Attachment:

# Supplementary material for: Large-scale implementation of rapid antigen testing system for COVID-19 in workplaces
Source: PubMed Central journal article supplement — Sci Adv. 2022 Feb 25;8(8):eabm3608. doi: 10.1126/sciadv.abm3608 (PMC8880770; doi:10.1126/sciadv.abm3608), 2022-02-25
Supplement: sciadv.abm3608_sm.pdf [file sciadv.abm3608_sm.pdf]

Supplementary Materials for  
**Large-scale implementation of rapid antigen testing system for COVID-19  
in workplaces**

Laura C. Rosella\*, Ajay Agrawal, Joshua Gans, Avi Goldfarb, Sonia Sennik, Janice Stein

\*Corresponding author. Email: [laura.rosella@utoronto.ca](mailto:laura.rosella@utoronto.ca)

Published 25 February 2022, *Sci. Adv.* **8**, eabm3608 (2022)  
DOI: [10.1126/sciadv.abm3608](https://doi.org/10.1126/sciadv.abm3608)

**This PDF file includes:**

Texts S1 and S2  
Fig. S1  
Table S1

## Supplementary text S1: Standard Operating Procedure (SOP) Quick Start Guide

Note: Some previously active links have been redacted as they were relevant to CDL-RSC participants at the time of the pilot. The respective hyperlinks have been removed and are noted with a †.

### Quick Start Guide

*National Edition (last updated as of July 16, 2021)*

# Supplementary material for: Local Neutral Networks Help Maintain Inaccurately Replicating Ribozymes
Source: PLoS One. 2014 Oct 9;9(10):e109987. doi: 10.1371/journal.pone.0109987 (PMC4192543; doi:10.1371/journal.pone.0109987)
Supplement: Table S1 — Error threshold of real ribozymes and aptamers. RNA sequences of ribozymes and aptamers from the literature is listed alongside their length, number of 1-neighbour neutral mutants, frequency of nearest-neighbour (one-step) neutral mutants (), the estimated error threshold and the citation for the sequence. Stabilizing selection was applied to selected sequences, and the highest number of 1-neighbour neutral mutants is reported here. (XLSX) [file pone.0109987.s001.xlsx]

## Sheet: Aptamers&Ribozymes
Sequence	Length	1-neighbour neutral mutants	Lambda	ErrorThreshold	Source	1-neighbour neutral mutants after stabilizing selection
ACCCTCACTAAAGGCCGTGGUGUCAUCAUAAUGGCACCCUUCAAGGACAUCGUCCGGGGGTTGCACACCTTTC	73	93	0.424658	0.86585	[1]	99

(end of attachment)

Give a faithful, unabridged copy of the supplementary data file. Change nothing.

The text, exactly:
# Supplementary material for: Large-scale implementation of rapid antigen testing system for COVID-19 in workplaces
Source: PubMed Central journal article supplement — Sci Adv. 2022 Feb 25;8(8):eabm3608. doi: 10.1126/sciadv.abm3608 (PMC8880770; doi:10.1126/sciadv.abm3608), 2022-02-25
Supplement: sciadv.abm3608_sm.pdf [file sciadv.abm3608_sm.pdf]

Supplementary Materials for  
**Large-scale implementation of rapid antigen testing system for COVID-19  
in workplaces**

Laura C. Rosella\*, Ajay Agrawal, Joshua Gans, Avi Goldfarb, Sonia Sennik, Janice Stein

\*Corresponding author. Email: [laura.rosella@utoronto.ca](mailto:laura.rosella@utoronto.ca)

Published 25 February 2022, *Sci. Adv.* **8**, eabm3608 (2022)  
DOI: [10.1126/sciadv.abm3608](https://doi.org/10.1126/sciadv.abm3608)

**This PDF file includes:**

Texts S1 and S2  
Fig. S1  
Table S1

## Supplementary text S1: Standard Operating Procedure (SOP) Quick Start Guide

Note: Some previously active links have been redacted as they were relevant to CDL-RSC participants at the time of the pilot. The respective hyperlinks have been removed and are noted with a †.

### Quick Start Guide

*National Edition (last updated as of July 16, 2021)*

# Supplementary material for: Local Neutral Networks Help Maintain Inaccurately Replicating Ribozymes
Source: PLoS One. 2014 Oct 9;9(10):e109987. doi: 10.1371/journal.pone.0109987 (PMC4192543; doi:10.1371/journal.pone.0109987)
Supplement: Table S1 — Error threshold of real ribozymes and aptamers. RNA sequences of ribozymes and aptamers from the literature is listed alongside their length, number of 1-neighbour neutral mutants, frequency of nearest-neighbour (one-step) neutral mutants (), the estimated error threshold and the citation for the sequence. Stabilizing selection was applied to selected sequences, and the highest number of 1-neighbour neutral mutants is reported here. (XLSX) [file pone.0109987.s001.xlsx]

## Sheet: Aptamers&Ribozymes
Sequence	Length	1-neighbour neutral mutants	Lambda	ErrorThreshold	Source	1-neighbour neutral mutants after stabilizing selection
ACCCTCACTAAAGGCCGTGGUGUCAUCAUAAUGGCACCCUUCAAGGACAUCGUCCGGGGGTTGCACACCTTTC	73	93	0.424658	0.86585	[1]	99